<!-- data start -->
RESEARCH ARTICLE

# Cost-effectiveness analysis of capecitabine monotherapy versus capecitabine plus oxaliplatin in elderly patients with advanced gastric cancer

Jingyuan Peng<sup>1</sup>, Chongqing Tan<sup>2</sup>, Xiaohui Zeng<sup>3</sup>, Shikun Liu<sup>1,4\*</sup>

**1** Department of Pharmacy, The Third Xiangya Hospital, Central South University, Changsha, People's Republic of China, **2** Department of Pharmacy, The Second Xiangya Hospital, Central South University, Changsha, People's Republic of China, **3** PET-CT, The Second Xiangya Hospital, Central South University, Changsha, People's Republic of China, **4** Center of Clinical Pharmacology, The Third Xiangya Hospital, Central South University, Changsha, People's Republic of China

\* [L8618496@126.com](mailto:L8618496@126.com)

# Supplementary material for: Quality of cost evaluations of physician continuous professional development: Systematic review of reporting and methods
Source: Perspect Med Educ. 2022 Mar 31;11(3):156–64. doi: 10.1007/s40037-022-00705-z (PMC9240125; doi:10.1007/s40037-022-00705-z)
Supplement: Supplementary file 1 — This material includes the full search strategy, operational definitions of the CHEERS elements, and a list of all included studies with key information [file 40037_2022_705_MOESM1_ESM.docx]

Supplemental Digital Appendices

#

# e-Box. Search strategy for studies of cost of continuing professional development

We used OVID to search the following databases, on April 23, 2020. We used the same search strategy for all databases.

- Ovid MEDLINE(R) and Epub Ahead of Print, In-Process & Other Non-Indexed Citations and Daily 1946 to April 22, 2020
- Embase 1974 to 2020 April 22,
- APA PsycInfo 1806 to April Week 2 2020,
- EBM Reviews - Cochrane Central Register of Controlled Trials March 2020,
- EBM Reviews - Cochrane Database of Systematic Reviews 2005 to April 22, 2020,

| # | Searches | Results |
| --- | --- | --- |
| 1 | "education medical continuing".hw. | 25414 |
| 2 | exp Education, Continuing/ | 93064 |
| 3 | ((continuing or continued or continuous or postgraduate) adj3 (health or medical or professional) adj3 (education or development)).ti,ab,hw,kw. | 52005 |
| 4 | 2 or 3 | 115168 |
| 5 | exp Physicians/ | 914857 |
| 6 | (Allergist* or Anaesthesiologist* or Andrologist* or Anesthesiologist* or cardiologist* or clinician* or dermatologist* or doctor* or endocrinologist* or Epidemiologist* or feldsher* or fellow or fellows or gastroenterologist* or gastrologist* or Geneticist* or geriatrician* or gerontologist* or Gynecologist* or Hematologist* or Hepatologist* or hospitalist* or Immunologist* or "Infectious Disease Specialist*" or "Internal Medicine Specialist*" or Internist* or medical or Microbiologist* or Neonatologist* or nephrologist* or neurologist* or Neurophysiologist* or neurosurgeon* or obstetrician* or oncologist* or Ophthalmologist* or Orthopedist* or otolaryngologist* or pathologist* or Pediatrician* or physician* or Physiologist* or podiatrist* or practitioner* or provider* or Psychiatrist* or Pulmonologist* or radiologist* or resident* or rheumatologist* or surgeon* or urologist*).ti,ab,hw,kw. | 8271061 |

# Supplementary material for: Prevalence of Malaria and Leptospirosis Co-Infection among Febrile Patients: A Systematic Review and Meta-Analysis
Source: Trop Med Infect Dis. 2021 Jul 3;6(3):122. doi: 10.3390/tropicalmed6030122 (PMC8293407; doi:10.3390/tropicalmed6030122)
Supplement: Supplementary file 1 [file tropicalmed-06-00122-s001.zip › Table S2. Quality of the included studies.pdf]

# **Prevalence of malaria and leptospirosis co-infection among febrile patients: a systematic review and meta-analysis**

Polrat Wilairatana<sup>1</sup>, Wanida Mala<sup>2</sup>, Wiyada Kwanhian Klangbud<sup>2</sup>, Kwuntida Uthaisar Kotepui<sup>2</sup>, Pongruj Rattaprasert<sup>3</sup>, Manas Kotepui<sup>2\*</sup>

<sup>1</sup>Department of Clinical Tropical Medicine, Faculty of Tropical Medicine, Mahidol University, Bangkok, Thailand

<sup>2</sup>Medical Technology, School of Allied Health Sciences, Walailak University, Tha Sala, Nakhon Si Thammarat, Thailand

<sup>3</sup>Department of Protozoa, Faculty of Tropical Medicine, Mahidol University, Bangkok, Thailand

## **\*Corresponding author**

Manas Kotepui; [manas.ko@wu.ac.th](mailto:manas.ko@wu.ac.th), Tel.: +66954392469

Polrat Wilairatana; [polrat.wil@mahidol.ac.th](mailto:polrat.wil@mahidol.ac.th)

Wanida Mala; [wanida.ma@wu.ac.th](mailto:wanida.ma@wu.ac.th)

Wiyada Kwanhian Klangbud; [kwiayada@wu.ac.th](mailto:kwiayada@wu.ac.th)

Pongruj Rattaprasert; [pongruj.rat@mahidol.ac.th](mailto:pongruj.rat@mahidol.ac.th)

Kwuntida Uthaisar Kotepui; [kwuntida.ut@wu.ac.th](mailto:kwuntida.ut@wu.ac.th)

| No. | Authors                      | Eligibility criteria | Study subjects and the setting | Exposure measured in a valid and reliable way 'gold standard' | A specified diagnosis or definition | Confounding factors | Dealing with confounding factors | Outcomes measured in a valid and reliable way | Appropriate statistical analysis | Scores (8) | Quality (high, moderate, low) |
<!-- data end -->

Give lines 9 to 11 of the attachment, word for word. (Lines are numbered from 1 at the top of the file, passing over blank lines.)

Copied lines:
Supplemental Digital Appendices

#

# e-Box. Search strategy for studies of cost of continuing professional development